In the fifties and sixties, August in South Cornwall was one of the places to be in the UK. Before the mass exodus abroad to get as sunbaked as possible, bright young things would roar out of London westwards in their MGBs to St Mawes, to holiday cottages with stunning views of sparkling creeks where their boats were moored.
The main hotels in St Mawes in the sixties were owned by an American business man called Harley Mosley who, when on honeymoon with his Polish wife in 1943, saw the potential of the setting and bought two hotels overlooking the harbour. There was little competition: the Tresanton was the only other hotel of any note in this idyllic spot. Every winter Mosley would travel abroad to recruit staff for the following summer. The young Austrian and German waiters who used to hang around on the front on their breaks seemed very glamorous to us English youth, many of whom had not been abroad, so St Mawes with its benign climate and palm trees was the nearest to being sur le continent that many of us were going to get.
With the growth of cheap package holidays abroad in the eighties Cornish resorts like St Mawes declined, and the hotels there became shabby and neglected. However, the beautiful views and coastline remained and in 1998 Olga Polizzi, of the Forte dynasty, re-opened the Tresanton as a modern boutique hotel to match Rick Stein’s development of Padstow on the North Coast. And now the smart cars are in St Mawes once again. But what if you don’t want a trendy hotel for your holiday? They can take some living up to, and Cornwall is perhaps the sort of place where you just don’t want to make that competitive effort.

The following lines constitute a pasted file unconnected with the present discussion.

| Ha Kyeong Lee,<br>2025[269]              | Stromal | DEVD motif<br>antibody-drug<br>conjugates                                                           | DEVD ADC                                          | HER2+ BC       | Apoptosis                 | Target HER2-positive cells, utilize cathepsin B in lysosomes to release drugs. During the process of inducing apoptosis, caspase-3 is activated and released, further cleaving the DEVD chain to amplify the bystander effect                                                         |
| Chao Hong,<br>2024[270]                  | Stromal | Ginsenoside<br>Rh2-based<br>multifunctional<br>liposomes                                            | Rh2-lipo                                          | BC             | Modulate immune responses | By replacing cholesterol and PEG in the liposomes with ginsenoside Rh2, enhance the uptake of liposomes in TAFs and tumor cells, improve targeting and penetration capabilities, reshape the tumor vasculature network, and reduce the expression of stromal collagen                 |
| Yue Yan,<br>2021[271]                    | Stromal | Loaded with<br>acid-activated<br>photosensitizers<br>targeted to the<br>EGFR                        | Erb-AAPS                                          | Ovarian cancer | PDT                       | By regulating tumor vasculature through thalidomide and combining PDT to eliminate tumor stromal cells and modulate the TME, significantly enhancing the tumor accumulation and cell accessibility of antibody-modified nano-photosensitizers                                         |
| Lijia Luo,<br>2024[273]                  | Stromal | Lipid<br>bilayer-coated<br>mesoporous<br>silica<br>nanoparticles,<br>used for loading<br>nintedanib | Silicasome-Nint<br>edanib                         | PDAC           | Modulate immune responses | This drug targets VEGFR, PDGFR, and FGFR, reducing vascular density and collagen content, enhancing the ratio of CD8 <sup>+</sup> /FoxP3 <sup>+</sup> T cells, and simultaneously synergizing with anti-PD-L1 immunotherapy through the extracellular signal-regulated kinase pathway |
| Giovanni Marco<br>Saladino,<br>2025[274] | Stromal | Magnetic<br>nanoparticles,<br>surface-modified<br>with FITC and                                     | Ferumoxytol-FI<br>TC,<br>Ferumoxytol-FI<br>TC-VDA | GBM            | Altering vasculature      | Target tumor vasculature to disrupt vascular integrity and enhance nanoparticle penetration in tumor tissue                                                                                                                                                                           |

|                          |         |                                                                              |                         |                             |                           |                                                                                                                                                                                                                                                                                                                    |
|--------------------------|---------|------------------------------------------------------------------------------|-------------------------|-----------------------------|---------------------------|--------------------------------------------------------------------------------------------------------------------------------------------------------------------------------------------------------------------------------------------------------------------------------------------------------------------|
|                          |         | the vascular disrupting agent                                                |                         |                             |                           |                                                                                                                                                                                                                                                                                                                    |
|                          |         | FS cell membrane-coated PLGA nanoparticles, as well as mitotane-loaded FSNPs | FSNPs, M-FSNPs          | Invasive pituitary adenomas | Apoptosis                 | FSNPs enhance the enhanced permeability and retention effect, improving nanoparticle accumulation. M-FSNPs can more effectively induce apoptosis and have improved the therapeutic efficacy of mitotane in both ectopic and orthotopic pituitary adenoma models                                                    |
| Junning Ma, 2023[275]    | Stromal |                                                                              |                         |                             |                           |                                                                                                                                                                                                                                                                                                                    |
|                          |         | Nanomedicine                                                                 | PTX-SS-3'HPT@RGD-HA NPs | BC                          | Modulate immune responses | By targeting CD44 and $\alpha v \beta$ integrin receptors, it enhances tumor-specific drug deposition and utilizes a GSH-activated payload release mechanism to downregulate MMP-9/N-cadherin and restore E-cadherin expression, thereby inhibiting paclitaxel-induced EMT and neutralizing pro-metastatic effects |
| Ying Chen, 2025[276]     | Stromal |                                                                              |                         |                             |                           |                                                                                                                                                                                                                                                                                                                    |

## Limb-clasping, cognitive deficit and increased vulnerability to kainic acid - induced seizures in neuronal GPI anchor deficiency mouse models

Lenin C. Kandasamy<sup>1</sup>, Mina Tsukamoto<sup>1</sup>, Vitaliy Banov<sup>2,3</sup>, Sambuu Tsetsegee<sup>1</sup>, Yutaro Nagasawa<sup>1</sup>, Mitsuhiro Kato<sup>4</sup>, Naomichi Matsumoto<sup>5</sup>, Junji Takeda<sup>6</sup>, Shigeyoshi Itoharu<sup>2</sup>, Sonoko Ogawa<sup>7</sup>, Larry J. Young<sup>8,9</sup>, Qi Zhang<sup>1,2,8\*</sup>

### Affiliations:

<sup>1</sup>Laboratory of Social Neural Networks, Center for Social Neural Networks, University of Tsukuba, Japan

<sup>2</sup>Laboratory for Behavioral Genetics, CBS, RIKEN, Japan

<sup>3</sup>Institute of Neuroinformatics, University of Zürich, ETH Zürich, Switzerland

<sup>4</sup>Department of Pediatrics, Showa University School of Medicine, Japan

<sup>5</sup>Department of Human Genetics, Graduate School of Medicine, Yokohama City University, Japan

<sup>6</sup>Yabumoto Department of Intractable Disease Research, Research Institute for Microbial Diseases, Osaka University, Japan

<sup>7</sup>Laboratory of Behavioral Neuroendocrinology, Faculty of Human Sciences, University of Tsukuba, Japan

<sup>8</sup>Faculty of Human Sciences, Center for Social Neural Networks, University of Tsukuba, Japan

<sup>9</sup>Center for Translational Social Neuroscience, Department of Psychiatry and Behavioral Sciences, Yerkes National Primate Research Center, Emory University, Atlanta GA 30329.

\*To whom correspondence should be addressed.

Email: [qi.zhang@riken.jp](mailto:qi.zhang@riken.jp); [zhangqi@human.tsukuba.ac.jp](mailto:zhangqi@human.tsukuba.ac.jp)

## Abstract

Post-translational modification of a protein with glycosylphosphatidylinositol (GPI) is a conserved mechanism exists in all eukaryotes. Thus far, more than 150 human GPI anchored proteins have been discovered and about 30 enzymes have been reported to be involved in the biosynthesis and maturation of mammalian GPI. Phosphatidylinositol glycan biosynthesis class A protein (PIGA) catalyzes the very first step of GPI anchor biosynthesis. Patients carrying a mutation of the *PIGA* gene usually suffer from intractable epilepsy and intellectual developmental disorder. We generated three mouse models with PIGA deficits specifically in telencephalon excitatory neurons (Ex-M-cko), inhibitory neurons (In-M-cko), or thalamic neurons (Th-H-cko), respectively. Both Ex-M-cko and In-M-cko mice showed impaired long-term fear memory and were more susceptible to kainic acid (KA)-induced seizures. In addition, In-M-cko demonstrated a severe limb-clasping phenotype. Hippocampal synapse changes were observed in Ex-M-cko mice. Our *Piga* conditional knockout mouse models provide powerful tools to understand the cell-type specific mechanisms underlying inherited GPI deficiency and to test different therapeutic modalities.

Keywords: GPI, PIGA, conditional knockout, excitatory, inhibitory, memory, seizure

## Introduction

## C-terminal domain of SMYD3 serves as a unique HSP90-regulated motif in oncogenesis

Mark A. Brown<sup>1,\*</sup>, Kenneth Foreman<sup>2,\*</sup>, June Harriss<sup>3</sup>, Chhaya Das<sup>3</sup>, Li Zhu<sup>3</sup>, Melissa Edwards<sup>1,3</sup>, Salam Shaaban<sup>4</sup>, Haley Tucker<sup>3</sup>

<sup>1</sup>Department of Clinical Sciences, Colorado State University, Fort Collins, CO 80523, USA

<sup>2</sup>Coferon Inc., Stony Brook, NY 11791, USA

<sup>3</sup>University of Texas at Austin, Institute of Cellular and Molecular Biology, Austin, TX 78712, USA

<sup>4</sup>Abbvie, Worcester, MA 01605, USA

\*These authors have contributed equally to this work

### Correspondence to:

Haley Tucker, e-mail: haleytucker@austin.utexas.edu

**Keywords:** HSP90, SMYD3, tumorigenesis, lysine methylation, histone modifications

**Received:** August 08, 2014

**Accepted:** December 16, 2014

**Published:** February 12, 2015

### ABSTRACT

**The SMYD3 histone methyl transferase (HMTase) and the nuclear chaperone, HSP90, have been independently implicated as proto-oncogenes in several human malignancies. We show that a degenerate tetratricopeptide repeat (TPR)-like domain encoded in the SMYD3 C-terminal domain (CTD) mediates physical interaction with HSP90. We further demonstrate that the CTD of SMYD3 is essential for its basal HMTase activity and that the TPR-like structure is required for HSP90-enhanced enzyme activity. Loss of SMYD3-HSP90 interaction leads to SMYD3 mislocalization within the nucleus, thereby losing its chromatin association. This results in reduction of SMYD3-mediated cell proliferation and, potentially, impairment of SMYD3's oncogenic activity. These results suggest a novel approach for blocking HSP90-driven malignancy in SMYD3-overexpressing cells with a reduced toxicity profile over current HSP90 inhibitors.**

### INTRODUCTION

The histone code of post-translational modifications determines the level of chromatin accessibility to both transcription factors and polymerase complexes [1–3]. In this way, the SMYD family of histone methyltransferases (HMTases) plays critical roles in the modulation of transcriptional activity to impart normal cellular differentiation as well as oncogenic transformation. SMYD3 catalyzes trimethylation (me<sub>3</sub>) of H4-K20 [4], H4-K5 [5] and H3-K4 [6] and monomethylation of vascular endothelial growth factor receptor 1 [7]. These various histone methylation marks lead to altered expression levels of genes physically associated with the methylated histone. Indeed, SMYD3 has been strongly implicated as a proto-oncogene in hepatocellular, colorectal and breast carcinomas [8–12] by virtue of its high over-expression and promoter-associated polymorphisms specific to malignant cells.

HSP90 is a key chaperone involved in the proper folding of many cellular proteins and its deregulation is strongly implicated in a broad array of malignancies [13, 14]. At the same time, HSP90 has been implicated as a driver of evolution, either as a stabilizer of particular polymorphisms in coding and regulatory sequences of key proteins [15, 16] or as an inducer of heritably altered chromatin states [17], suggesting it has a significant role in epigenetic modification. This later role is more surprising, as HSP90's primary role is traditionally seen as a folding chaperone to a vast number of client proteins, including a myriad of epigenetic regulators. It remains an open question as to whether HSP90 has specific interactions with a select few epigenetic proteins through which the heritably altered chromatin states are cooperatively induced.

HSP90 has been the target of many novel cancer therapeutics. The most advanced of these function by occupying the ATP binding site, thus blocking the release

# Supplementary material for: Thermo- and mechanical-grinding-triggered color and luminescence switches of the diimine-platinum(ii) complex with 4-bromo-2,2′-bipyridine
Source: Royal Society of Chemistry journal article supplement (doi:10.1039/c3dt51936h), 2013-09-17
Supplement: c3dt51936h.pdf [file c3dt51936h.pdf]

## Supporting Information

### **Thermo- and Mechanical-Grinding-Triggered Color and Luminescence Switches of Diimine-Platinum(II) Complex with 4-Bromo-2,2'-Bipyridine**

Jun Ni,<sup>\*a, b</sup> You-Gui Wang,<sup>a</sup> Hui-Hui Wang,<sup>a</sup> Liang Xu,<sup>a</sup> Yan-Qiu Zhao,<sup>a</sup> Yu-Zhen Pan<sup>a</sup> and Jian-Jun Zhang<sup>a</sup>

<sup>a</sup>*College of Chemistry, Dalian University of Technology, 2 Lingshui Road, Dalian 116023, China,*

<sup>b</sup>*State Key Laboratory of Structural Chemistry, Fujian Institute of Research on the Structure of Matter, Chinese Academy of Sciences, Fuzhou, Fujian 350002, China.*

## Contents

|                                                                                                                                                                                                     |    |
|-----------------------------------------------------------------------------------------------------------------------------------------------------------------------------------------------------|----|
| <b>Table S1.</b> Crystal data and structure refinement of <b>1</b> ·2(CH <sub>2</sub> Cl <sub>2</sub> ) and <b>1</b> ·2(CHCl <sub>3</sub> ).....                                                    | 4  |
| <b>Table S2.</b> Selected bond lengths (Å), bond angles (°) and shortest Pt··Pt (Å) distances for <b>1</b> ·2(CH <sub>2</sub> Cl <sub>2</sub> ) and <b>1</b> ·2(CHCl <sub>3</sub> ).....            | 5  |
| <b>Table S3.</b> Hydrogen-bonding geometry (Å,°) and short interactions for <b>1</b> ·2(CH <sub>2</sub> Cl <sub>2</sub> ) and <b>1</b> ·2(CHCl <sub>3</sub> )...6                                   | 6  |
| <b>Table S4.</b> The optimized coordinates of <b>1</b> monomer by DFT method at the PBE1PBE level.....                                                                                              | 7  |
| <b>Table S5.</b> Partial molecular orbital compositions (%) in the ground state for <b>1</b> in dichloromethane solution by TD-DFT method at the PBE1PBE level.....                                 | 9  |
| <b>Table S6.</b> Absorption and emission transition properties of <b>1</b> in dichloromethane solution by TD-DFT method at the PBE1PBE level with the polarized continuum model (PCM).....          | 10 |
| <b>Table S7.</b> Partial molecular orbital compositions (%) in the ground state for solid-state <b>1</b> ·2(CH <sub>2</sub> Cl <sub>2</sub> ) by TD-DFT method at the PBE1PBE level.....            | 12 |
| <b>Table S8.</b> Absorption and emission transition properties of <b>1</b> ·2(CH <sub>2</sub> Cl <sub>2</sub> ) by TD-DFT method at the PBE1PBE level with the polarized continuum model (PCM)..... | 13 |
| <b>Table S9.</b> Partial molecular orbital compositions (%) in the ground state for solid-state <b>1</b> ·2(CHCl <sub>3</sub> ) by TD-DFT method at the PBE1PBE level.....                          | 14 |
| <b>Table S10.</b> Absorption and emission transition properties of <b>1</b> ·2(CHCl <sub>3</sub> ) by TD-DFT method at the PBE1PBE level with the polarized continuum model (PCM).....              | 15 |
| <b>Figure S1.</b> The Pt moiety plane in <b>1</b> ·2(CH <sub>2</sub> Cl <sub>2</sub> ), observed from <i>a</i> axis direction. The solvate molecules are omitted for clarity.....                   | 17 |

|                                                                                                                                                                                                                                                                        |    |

The Nare Hotel, just along the coast from St Mawes, has been in the same family for many years. The grandmother of the present owner, Toby Ashworth, was a dog lover and dogs are very welcome; so welcome that they get special meals prepared from the kitchen. The Nare is not trendy, and it’s not old fashioned. It’s not anything you can put your finger on really, except that the staff are exceptional, and there are lots of them. There’s a bit of formality in the offering: an all-inclusive dinner in the dining room for residents in the evening, with all the old-fashioned aplomb of hors-d’oeuvres and sweet trolleys, but otherwise there’s just a spectacular view of the sea over a deserted beach, and no obligation to do anything except relax.
This comfortable place gets many returning guests, and also some famous ones (Anna Massey, Noel Edmunds, Charlotte Church), which doesn’t faze them in the least, as long as the smooth running of the hotel is not affected. Tony Blair with family and entourage were refused accommodation one year because of the disruption it would cause.
This is not a cheap hotel but if you’re on your own a single room without a sea view it’s a bargain. And there are plenty of opportunities to look at the sea while sitting on the large terraces, eating fresh crab cakes at lunchtime, lounging by the heated pool or enjoying a private view from the hot tub. For the more energetic, there’s a gym and lots of coastal walks. In fact everything for guests’ comfort and entertainment is thought of, and this is the key to this place. On my first night, Toby Ashworth singled me out as a new guest. “If there’s anything we’re not doing right for you, please let us know”, he insisted. This permeates through the staff, and nothing is too much trouble. Another example of true hospitality.